The musical drama “The Last Letter” in Neumarkt, Germany, has been so successful that extra performances are scheduled (“Shoah Musical Remembers What Town Forgets,” July 21). It is the talk of the town. It was also featured on national radio, and will be on television throughout Bavaria.
It heartens me that after 60 years of invisibility, the memory of my sister Ilse Haas, my parents, and the Jews of Neumarkt will not be forgotten. As Helmut Enzenberger, the driving force behind this project said, “If they are not remembered, it is as if they died a second time.”
Thank you to Enzenberger and to his enthusiastic students at the Ostendorfer Gymnasium. Thanks, as well, to the Forward, for remembering.
Park Ridge, N.J.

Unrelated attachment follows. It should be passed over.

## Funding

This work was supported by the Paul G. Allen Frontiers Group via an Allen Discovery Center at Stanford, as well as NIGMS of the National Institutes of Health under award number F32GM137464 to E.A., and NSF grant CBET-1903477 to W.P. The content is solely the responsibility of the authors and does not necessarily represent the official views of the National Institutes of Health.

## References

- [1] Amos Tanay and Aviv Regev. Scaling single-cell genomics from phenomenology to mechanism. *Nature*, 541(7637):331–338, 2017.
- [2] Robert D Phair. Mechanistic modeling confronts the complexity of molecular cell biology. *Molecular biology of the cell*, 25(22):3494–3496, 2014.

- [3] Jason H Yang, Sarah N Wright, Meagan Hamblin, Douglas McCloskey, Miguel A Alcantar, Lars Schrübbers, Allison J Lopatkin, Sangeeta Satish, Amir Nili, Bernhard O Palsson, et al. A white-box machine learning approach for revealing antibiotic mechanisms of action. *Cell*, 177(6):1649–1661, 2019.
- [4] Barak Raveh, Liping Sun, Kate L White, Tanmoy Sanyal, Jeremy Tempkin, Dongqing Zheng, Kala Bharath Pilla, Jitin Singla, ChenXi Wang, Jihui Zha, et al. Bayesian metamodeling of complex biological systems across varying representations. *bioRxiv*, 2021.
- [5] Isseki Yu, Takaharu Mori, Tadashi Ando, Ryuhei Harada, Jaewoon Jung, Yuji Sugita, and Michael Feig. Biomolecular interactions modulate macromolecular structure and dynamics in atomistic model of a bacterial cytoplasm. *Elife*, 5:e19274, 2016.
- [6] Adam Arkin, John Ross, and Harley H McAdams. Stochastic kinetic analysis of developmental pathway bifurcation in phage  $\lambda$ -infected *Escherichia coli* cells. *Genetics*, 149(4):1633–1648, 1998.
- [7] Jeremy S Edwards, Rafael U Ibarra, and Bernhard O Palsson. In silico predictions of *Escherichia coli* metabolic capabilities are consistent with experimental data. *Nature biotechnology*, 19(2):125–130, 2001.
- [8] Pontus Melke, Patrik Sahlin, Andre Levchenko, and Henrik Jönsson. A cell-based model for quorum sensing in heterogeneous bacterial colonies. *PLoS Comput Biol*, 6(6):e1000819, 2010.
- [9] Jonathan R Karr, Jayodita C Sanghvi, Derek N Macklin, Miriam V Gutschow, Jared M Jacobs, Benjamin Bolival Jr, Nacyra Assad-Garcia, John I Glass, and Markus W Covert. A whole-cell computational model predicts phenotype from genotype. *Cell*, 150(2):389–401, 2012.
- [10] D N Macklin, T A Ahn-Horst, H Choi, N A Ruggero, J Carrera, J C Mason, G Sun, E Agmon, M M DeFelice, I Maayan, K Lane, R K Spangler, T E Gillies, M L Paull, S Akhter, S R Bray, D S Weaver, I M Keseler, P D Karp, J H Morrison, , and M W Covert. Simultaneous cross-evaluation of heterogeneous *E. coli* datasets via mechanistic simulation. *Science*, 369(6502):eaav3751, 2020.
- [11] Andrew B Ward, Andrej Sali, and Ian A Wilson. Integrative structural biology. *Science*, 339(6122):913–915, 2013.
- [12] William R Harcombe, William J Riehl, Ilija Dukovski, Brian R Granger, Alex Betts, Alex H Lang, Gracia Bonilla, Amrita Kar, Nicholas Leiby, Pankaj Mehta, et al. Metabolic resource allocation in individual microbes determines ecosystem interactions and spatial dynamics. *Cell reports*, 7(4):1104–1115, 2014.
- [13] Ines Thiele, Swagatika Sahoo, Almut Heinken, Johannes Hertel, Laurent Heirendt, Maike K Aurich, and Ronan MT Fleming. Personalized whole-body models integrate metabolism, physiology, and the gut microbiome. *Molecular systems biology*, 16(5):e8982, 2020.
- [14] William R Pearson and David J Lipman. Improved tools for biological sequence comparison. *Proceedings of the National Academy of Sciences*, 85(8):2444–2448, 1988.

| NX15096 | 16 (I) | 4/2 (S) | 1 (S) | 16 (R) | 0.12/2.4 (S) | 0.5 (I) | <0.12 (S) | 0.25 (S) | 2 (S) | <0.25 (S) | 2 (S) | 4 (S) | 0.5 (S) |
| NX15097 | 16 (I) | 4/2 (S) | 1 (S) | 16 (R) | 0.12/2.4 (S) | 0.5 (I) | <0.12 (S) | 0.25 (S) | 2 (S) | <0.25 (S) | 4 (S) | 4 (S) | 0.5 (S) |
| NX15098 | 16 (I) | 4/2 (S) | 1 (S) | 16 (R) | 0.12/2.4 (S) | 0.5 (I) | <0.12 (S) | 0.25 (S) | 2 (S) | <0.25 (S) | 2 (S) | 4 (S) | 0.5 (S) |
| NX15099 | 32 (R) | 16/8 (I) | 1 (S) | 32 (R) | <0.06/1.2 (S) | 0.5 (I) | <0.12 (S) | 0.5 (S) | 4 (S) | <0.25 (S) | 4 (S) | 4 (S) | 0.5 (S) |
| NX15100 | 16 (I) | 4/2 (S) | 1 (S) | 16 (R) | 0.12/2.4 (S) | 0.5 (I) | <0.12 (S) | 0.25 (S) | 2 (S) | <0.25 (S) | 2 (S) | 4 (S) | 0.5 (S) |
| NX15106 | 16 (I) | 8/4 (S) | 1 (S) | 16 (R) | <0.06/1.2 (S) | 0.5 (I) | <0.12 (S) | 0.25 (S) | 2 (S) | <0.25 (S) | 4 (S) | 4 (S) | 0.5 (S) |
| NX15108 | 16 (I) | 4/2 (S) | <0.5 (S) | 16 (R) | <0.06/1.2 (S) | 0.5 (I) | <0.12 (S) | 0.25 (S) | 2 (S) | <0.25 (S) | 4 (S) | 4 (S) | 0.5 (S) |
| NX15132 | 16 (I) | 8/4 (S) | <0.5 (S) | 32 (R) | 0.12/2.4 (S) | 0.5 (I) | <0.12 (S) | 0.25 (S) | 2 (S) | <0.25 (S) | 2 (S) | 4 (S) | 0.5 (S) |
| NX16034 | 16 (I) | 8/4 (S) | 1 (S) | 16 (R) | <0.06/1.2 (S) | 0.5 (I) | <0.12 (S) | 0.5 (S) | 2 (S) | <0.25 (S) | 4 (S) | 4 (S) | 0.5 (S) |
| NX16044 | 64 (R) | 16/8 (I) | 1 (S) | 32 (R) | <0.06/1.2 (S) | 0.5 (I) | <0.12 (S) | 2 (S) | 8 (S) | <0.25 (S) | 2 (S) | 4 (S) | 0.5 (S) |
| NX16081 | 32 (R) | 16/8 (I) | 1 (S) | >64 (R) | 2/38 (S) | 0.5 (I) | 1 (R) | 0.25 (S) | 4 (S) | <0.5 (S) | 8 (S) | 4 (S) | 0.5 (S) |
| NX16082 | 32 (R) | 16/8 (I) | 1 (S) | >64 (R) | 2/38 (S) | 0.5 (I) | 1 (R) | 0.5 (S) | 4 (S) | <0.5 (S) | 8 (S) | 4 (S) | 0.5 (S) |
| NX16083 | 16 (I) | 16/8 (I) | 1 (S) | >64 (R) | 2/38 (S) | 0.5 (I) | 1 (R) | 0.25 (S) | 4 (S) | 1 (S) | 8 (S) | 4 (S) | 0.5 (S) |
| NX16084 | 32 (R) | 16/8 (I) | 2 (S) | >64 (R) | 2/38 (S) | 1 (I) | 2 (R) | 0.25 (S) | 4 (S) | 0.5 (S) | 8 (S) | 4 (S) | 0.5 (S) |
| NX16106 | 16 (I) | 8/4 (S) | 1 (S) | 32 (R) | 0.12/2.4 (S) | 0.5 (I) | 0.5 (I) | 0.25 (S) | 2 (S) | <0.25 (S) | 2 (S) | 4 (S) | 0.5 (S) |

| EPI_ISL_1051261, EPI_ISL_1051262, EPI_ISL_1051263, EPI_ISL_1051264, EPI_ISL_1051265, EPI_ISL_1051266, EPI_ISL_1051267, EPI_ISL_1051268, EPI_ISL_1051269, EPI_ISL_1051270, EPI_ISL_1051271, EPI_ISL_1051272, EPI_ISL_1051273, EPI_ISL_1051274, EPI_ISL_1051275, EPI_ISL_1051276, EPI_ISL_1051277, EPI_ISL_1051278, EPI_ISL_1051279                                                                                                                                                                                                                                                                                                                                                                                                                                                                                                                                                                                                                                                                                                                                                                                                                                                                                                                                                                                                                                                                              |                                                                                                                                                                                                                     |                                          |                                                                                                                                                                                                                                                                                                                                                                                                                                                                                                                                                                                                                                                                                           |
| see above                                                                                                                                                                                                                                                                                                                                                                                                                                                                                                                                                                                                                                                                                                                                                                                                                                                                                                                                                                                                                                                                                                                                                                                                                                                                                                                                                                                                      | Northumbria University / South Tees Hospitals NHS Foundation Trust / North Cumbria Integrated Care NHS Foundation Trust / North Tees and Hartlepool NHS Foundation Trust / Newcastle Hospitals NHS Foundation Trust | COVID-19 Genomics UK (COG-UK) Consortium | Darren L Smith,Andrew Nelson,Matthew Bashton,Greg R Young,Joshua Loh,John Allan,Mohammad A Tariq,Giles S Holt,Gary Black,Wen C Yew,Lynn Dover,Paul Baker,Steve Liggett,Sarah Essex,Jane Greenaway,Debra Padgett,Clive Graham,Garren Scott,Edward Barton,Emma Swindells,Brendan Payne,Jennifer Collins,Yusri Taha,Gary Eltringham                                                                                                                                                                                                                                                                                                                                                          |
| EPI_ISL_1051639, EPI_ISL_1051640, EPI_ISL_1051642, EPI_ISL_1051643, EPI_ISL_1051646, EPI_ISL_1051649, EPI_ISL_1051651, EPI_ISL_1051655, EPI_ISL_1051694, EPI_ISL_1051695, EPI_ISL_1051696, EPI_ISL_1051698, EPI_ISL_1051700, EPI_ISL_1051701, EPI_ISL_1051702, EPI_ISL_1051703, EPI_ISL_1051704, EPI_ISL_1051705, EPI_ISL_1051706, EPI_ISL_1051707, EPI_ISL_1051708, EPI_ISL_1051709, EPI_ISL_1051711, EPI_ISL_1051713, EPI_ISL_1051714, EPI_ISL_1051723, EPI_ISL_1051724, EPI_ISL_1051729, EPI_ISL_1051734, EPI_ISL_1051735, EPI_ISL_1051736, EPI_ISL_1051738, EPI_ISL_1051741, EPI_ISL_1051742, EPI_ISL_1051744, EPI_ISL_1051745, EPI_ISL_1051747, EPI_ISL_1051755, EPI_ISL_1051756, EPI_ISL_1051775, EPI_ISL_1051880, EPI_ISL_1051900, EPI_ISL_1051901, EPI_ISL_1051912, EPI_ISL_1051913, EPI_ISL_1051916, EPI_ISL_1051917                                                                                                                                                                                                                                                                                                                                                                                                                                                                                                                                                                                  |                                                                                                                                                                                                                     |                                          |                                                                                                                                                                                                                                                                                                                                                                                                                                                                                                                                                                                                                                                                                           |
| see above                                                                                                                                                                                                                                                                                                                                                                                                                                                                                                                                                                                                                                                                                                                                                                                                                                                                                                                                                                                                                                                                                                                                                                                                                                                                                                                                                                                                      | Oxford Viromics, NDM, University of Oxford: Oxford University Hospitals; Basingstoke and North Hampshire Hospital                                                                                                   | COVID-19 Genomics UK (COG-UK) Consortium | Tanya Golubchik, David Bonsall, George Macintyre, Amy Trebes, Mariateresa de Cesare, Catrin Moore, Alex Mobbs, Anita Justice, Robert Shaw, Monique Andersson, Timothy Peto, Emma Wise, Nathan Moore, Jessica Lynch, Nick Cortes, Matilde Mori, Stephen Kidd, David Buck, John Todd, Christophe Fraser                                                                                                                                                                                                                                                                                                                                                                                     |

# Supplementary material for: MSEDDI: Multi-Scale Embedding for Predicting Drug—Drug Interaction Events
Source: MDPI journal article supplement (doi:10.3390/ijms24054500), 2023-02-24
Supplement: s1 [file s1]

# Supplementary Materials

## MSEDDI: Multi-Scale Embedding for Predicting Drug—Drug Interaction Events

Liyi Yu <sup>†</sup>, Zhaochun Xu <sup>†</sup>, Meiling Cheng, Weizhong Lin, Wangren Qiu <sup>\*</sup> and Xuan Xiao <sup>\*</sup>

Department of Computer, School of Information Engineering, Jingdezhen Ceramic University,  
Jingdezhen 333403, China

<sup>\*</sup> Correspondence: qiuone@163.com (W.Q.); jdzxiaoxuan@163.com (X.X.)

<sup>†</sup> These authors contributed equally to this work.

A July 21 article attributes to me very disturbing quotes that demand clarification (“Letter from Umm el Fahm: In Israel’s Largest Muslim City, Strife Stirs Complex Emotions”).
My conversation with the Forward took place in the framework of my assisting and voluntarily helping the reporter and her assistant in preparing the article. The meeting was originally scheduled for the beginning of this month, before the current crisis broke out. Most of the interview dealt with issues related to Umm El Fahm, and only the last few minutes with the current crisis in the north.
The topic of the conversation was defined as the city of Umm El Fahm and the social, economic, educational and municipal changes that are taking place there. I was interviewed as a regular citizen, and not as a representative of any party organization — and most emphatically not as an employee of Shatil or the New Israel Fund.